A Houseful of Stuff

Our friend, Clare, stayed with us for a weekend last spring.  On the Sunday of her visit we had lunch with other friends, one of whom is a psychiatrist.  At lunch, Clare mentioned that she’d never seen a house that had as much stuff as our house did.  My psychiatrist friend narrowed his eyes and said, “Are you a hoarder, Gail?”

Well, hardly.  Our house is large, so our rooms are uncluttered, but the truth is we do have a lot of stuff.  That said, I have always been an ardent re-cycler, and except for the art on the walls, the bed in which we sleep, our books and our computers, all of our stuff comes either from the home of my aunt and uncle or from Ted’s mother’s house. 

Another guest in our home once said, “none of your things actually belong together, but somehow they work together.” 

Well yes.  Ted and I like abstract and folk art.  My aunt and uncle were partial to vaguely colonial furniture made of beautiful wood.  The kind that weighs a tonne and lasts forever.  I have, use, and love their Thanksgiving china.  My mother-in-law (whom we all called ‘Babba’) was a collector of many things. When she died, she left me a needlepoint she made in 1990.  The message was clear:  “This isn’t Clutter.  These are My Treasures.”  Then, in needlepoint, Babba included samples of her treasures:  her doll collection (which is now in its showcase—totally ignored by all grand-children, boy/girl in our bedroom); her Santa Claus collection (now, loved by all,  in its showcase in our living room); her collection of depression ware (now in her china cabinet in our dining room—used spring to fall for dinner parties); her collection of fiesta ware (in everyday use); her collection of tablecloths (in use constantly). 

With seven grandchildren and two dogs, everything in our home has sustained a fair amount of wear and tear.  When we inherited my aunt and uncle’s dining room furniture, there wasn’t a scratch on their shining table. After many years of Saturday night family dinners, there are plenty of scratches now, but the table still shines and it still welcomes guests – family and friends.

The old platform rocker that we have all used is a favourite with the kids because two of them can sit on it comfortably and rock away. The wall behind the chair has chipped away. Someday, I guess we’ll fix it, but our youngest grand-daughter, Lexi, is only 16 months old, so she has lots of rocking time ahead. 

Amazingly, not much ever seems to get broken.  When our oldest grand-daughters were little they loved to have tea parties and they would always use the bone china tea cups that belonged to my aunt and my mother-in-law, and the girls would always set a Royal Doulton figurine at each guest’s plate—not quite a party favour, but there for the guest’s pleasure for the duration.  The Royal Doulton ladies still have all their appendages, and they still have the faintly disdainful expressions of ladies who feel they might just be slumming.  Great tea parties ahead for Lexi.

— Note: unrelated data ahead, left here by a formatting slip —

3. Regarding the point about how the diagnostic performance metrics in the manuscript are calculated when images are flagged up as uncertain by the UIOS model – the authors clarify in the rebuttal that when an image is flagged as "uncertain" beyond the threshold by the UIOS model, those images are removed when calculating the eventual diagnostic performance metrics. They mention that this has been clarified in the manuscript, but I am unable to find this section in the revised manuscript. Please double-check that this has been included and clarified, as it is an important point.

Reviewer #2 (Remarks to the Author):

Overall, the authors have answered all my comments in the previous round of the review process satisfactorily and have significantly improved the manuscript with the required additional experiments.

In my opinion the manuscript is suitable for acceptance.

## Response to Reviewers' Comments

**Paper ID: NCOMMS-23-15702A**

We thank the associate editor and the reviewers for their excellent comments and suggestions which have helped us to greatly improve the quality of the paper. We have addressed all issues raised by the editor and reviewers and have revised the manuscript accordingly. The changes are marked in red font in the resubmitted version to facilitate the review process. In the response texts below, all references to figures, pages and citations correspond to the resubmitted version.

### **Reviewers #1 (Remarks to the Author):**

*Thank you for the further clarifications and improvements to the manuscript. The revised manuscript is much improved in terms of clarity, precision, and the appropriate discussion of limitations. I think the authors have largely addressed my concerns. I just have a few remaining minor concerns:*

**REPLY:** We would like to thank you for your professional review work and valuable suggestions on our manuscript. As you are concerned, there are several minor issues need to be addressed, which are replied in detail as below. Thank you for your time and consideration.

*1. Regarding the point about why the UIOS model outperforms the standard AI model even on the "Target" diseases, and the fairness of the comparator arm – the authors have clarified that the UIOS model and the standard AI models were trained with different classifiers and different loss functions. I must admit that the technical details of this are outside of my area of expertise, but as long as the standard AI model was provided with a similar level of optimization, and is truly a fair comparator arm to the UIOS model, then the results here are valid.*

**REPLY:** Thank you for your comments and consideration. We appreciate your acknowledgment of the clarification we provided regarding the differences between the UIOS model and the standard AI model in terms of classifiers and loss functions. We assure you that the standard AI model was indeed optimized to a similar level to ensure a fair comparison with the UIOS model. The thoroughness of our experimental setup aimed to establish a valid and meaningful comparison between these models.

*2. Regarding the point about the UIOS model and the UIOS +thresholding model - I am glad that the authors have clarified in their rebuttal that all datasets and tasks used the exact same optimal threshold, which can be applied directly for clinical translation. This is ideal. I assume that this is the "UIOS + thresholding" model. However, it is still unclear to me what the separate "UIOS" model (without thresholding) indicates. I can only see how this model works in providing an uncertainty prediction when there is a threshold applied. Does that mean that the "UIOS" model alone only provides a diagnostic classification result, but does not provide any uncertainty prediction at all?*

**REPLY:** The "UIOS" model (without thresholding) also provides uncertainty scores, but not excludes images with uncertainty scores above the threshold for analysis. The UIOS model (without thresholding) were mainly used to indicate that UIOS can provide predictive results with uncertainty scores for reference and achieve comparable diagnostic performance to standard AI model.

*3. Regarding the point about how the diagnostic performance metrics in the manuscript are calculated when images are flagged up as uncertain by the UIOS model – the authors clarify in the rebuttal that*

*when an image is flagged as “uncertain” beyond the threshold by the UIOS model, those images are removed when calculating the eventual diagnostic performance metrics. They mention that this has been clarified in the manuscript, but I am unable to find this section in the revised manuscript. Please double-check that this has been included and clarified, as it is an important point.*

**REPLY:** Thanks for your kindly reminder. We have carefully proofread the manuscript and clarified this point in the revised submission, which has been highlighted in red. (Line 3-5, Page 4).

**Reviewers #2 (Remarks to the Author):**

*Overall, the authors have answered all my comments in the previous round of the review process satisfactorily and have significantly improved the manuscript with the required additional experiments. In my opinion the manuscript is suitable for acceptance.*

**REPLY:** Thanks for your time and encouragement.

When you inherit furniture from two families you love dearly, there are duplicates. My mother-in-law’s dining room table is in my office where I use it every day.  Her rocking love-seat is in our sunroom.  I have two cut-work Thanksgiving tablecloths, and two cut-work Christmas cloths. 

As Clare correctly noted, there is a lot of stuff in our house.  All of it has a value I cannot measure.  I loved my Aunt Hilda and my mother-in-law fiercely.  In one of her few lucid moments in her last years, my Aunt looked at me and said, “We are all living two years too long.” 

The last two years were also incredibly painful for our Babba.  I didn’t cry when my aunt or my mother-in-law died.  I knew that neither of these beautiful, vital women who had lost husbands and homes and lives had anything good ahead.  But on my husband’s birthday, December 5th, I will take my mother-in-law’s Santa collection out of their showcase, and I will remember the story behind every one of those Santas.  I will use my mother-in-law’s sturdy polyester cloth as the undercloth for one of my gorgeous Christmas cut-work tablecloths on my aunt and uncle’s table and, as I do every year, I will find a place to have a small and stealthy cry.

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